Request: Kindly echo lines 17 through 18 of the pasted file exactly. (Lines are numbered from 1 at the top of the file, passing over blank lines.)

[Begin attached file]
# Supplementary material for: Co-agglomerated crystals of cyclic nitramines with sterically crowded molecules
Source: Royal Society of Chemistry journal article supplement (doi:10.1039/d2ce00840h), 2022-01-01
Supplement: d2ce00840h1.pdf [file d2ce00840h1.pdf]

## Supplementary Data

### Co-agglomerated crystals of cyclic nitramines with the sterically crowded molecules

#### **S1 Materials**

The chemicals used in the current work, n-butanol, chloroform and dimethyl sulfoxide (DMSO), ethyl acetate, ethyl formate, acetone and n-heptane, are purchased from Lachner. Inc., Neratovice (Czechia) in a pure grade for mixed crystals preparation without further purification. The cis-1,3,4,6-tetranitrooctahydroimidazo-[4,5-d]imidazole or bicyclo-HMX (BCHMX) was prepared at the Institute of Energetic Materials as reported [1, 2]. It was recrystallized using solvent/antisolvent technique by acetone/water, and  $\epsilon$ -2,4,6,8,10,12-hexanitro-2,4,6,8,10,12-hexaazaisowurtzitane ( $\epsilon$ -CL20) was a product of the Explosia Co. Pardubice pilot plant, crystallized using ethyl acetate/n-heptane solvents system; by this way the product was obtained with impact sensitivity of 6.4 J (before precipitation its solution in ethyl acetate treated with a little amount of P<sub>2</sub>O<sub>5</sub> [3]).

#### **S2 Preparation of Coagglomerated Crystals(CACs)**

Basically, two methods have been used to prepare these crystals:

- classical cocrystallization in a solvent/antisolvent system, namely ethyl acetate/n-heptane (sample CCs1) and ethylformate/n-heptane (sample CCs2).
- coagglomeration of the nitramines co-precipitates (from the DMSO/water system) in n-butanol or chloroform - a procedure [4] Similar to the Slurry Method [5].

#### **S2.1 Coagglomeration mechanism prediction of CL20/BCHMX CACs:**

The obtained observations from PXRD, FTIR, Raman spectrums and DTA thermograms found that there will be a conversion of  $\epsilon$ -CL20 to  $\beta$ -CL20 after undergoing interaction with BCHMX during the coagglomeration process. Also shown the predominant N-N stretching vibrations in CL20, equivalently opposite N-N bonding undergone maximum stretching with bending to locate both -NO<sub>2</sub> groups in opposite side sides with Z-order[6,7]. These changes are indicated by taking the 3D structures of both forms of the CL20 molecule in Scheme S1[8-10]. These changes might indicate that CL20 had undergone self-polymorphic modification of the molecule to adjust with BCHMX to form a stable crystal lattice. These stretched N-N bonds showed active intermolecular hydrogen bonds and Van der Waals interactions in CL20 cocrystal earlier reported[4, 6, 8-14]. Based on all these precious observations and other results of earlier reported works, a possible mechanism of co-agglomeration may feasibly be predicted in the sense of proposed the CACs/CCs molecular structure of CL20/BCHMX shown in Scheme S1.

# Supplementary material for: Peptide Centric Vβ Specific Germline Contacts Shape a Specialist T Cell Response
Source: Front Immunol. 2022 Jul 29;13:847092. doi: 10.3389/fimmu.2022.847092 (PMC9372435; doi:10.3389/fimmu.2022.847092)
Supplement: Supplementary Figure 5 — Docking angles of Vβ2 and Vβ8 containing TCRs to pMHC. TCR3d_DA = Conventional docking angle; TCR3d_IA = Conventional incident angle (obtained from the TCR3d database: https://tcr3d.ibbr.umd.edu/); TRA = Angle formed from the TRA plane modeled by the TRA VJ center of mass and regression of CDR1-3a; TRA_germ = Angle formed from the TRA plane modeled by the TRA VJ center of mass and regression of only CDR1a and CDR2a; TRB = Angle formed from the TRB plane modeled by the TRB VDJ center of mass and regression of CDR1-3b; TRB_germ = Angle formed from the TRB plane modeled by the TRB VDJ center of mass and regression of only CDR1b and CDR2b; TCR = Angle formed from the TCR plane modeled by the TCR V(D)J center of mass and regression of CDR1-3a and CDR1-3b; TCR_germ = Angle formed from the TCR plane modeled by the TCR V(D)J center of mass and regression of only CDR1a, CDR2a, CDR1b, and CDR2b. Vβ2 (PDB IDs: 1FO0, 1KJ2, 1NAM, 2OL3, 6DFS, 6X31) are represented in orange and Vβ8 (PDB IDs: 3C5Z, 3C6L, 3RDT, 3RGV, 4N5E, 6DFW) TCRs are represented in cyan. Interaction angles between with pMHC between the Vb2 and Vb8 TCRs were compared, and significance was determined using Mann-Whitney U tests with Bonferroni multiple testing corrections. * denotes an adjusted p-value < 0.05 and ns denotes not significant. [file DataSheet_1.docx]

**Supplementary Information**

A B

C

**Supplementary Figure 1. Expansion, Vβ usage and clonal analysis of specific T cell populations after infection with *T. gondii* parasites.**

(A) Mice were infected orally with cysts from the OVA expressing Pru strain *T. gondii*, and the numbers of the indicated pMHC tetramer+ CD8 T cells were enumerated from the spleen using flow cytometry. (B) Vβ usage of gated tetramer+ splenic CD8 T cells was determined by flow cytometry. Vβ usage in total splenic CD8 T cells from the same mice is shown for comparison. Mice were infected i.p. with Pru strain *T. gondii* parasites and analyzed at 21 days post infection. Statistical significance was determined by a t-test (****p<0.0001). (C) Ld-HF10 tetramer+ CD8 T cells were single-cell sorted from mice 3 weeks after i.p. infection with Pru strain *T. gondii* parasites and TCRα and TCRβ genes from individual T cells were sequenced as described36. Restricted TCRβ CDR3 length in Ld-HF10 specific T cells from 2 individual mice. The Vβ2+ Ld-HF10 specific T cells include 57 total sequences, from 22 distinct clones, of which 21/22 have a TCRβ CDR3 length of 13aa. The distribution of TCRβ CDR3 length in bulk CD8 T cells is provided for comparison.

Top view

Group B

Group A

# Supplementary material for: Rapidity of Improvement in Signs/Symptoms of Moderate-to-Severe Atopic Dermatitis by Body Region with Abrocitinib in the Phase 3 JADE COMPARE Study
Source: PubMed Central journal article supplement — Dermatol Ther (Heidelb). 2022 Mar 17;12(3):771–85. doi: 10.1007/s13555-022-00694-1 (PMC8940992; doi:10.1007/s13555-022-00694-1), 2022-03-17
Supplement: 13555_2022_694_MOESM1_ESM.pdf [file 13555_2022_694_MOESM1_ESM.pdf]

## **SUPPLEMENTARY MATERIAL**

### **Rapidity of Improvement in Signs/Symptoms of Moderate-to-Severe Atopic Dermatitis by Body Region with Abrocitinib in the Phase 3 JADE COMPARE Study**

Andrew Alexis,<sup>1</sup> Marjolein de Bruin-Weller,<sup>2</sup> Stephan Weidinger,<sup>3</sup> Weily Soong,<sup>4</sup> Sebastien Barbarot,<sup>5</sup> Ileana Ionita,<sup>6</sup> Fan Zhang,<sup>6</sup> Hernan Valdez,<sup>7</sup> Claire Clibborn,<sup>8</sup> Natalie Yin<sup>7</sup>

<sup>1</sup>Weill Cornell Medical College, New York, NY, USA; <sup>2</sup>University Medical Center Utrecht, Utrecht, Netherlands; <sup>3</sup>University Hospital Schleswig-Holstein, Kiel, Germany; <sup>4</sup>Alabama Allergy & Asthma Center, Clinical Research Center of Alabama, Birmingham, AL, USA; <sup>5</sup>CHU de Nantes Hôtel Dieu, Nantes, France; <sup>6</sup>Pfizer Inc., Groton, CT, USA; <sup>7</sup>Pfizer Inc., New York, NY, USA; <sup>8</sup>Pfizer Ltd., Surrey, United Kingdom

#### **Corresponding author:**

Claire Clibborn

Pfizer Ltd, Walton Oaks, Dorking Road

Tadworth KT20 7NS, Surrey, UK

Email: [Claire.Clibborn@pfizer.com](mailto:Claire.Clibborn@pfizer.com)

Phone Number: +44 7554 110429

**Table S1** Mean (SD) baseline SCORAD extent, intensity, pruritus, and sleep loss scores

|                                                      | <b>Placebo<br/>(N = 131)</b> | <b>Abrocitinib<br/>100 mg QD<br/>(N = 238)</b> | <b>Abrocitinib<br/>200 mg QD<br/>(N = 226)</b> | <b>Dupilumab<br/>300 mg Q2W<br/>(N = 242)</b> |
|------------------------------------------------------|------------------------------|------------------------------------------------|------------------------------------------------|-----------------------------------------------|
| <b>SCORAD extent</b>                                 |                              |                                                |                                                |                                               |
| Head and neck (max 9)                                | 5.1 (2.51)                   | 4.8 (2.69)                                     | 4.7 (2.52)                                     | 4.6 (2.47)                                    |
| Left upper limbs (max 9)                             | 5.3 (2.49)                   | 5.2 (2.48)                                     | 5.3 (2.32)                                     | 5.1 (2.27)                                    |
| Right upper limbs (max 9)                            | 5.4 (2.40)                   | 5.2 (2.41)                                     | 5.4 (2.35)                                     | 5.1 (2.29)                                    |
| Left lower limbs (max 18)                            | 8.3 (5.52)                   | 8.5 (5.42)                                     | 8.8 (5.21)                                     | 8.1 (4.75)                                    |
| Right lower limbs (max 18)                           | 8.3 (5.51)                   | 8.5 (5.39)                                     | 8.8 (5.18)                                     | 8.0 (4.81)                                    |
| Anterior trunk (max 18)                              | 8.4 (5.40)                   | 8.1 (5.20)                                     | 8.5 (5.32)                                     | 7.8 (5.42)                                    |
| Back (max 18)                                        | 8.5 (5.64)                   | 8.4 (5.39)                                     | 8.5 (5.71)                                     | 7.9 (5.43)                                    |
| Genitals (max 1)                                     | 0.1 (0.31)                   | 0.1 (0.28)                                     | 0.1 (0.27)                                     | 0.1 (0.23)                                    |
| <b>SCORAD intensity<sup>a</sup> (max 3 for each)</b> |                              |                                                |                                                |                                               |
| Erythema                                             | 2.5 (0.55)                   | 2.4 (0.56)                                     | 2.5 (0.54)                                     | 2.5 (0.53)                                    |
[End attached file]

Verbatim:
**Supplementary Information**

A B